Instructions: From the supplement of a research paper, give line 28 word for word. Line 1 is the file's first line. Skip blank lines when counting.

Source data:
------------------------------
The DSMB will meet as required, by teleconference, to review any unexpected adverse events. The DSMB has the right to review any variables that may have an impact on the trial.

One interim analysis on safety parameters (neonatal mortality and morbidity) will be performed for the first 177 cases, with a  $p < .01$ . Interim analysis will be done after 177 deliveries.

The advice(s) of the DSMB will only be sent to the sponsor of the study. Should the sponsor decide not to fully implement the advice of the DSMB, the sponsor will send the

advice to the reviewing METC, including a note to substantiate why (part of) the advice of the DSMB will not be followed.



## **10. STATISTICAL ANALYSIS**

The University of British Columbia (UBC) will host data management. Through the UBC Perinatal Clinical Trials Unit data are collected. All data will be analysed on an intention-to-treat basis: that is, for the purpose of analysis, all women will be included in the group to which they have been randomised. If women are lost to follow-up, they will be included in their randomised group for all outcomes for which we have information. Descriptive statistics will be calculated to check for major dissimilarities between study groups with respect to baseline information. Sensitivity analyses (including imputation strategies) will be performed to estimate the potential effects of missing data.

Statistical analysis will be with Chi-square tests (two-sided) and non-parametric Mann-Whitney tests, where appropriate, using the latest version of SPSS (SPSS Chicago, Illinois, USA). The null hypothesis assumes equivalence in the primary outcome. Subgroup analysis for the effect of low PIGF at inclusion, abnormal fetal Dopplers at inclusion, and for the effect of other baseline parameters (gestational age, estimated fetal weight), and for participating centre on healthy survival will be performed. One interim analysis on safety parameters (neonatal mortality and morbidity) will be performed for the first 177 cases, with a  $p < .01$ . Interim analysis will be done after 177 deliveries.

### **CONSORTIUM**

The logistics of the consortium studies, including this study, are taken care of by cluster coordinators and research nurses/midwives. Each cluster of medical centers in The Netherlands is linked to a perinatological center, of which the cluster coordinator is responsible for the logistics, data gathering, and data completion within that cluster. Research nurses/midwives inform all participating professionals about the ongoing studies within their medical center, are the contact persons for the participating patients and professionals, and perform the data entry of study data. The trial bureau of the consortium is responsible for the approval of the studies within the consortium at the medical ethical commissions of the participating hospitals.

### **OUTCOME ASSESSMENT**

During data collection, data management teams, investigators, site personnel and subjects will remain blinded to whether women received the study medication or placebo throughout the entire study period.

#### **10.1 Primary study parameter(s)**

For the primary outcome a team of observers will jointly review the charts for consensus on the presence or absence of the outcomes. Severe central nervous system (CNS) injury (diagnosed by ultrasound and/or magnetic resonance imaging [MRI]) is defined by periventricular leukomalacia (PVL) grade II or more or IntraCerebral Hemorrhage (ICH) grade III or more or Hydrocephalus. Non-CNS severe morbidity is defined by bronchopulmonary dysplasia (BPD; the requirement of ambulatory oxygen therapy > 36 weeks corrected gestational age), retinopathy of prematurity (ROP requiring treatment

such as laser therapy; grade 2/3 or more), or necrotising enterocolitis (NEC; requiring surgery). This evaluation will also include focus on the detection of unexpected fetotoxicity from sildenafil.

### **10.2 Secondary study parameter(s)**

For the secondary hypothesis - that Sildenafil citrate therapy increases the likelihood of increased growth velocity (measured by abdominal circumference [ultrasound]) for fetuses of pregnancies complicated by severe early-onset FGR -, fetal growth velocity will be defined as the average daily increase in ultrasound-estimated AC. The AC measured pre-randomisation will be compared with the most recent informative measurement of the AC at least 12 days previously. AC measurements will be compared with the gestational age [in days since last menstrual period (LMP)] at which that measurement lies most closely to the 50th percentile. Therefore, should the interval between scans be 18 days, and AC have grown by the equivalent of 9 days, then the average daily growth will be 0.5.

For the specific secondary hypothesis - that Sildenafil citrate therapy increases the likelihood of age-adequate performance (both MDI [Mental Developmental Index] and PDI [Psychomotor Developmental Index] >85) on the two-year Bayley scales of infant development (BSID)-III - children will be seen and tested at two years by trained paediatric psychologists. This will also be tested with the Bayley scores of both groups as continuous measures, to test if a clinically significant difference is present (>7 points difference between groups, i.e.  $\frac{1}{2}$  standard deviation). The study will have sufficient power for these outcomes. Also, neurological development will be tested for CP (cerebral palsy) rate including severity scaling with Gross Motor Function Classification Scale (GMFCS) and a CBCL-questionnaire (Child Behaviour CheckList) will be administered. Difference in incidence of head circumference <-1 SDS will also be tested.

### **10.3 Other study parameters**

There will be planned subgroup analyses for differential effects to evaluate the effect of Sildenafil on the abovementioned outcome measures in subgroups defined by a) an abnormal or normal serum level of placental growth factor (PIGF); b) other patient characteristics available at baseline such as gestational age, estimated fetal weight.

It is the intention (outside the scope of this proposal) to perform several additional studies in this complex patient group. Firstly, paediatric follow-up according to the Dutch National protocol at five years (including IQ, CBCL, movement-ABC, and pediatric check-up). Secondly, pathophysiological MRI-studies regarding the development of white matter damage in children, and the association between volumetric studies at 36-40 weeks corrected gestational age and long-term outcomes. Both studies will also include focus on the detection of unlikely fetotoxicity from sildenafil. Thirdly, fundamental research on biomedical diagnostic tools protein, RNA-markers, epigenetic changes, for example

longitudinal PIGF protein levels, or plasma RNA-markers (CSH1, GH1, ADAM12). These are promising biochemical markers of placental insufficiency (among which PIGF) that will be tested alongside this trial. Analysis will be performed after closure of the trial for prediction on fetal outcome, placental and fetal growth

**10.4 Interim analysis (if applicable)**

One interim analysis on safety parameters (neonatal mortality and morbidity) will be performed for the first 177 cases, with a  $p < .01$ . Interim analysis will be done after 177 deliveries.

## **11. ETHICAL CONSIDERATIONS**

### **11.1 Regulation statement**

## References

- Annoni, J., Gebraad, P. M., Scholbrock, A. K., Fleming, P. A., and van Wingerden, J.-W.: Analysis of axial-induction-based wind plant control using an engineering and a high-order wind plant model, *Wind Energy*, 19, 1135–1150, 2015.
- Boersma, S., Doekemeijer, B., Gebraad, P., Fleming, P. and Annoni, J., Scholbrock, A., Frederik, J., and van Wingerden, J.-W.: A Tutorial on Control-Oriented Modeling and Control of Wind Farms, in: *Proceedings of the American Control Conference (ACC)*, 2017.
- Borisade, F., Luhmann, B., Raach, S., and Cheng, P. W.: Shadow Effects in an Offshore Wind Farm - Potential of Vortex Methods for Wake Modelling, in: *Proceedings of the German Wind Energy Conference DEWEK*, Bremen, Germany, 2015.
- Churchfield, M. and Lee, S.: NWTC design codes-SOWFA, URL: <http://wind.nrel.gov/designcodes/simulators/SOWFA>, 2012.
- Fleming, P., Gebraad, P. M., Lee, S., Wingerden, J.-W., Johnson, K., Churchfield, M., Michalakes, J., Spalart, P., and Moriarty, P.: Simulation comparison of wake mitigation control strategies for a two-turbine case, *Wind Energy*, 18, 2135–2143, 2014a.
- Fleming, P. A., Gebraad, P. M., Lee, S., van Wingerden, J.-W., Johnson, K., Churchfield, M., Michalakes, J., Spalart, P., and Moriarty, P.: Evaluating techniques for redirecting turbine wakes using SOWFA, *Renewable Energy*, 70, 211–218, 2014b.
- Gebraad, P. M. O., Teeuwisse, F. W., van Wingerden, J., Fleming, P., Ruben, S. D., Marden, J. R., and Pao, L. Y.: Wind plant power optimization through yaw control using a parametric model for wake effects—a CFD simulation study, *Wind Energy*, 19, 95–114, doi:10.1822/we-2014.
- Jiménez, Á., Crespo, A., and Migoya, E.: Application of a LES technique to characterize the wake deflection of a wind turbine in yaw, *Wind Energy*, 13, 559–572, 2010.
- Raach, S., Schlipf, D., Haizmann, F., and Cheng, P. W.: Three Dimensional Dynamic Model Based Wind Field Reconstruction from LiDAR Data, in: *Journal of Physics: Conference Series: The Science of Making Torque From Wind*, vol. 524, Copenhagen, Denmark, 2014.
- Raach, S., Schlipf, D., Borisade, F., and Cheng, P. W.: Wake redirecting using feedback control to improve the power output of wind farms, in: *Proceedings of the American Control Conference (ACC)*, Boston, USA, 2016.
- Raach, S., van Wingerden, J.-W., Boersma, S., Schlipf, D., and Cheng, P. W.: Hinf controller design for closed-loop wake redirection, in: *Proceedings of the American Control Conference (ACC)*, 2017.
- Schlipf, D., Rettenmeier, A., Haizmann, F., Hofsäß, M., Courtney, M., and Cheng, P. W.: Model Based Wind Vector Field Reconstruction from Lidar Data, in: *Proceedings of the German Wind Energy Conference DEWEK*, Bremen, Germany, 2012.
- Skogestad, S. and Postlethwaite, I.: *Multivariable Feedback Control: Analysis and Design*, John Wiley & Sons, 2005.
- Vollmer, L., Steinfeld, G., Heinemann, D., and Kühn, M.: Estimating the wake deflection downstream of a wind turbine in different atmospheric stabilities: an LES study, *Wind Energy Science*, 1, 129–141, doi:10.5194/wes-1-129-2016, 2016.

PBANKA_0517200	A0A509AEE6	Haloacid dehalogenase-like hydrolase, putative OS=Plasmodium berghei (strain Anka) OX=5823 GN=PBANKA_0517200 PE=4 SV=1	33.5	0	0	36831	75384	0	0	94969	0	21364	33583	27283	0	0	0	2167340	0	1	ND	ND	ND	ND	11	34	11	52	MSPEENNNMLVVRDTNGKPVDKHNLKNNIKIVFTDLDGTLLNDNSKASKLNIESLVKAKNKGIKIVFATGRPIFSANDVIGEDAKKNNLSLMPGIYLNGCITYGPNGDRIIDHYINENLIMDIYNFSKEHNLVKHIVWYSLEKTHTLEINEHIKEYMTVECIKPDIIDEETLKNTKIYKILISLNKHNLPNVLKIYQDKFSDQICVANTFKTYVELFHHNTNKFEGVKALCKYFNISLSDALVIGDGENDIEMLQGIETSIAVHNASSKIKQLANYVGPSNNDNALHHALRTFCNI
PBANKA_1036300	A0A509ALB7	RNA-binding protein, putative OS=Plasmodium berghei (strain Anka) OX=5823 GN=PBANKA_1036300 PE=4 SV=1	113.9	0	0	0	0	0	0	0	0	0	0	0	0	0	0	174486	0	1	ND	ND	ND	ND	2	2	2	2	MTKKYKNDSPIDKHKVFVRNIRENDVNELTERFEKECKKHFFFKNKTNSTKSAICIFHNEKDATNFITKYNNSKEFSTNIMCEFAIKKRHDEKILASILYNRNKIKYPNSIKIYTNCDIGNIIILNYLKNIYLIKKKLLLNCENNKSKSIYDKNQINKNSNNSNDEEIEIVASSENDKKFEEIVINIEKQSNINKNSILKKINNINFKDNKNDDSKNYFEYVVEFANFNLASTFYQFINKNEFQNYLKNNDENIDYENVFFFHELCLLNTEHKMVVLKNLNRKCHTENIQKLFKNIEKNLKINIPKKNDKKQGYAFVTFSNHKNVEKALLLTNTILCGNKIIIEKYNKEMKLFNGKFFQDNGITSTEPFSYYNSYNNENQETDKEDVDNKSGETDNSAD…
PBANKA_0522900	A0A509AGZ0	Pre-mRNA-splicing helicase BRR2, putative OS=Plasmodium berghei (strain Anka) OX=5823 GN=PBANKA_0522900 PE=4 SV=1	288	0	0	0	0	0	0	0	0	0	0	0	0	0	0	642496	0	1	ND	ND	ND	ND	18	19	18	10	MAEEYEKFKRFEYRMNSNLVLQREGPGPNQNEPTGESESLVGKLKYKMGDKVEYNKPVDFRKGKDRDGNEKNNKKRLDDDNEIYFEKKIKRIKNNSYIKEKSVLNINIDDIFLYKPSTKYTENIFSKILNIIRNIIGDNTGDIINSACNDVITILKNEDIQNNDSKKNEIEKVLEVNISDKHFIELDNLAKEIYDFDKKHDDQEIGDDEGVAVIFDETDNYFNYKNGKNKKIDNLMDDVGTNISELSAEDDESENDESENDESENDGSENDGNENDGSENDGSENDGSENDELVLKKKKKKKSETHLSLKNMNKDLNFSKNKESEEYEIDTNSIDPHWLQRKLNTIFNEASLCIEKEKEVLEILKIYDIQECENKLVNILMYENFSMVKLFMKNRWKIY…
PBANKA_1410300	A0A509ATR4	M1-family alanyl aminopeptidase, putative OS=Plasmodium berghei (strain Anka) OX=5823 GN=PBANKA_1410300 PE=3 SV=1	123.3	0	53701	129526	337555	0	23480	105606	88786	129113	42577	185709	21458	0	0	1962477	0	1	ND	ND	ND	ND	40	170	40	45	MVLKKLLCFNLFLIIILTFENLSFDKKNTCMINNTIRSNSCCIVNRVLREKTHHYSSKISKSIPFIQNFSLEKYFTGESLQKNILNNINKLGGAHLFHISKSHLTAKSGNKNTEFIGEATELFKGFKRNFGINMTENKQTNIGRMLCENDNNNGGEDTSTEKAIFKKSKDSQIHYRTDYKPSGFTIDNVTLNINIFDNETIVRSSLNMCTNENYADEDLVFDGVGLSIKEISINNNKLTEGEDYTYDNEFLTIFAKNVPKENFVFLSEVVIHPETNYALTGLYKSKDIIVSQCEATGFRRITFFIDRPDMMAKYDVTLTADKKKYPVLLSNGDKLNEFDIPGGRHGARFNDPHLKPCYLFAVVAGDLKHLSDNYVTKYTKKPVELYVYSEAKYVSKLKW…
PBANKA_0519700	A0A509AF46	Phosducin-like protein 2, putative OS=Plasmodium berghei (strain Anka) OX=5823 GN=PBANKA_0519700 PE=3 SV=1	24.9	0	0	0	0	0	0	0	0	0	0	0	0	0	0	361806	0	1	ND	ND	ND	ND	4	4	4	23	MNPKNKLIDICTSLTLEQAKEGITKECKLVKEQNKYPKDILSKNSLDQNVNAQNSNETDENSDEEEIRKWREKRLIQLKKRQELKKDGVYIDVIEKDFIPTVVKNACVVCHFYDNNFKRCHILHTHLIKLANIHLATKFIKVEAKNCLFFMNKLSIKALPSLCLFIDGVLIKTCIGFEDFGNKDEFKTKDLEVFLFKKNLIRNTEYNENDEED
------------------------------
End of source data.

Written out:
- Boersma, S., Doekemeijer, B., Gebraad, P., Fleming, P. and Annoni, J., Scholbrock, A., Frederik, J., and van Wingerden, J.-W.: A Tutorial on Control-Oriented Modeling and Control of Wind Farms, in: *Proceedings of the American Control Conference (ACC)*, 2017.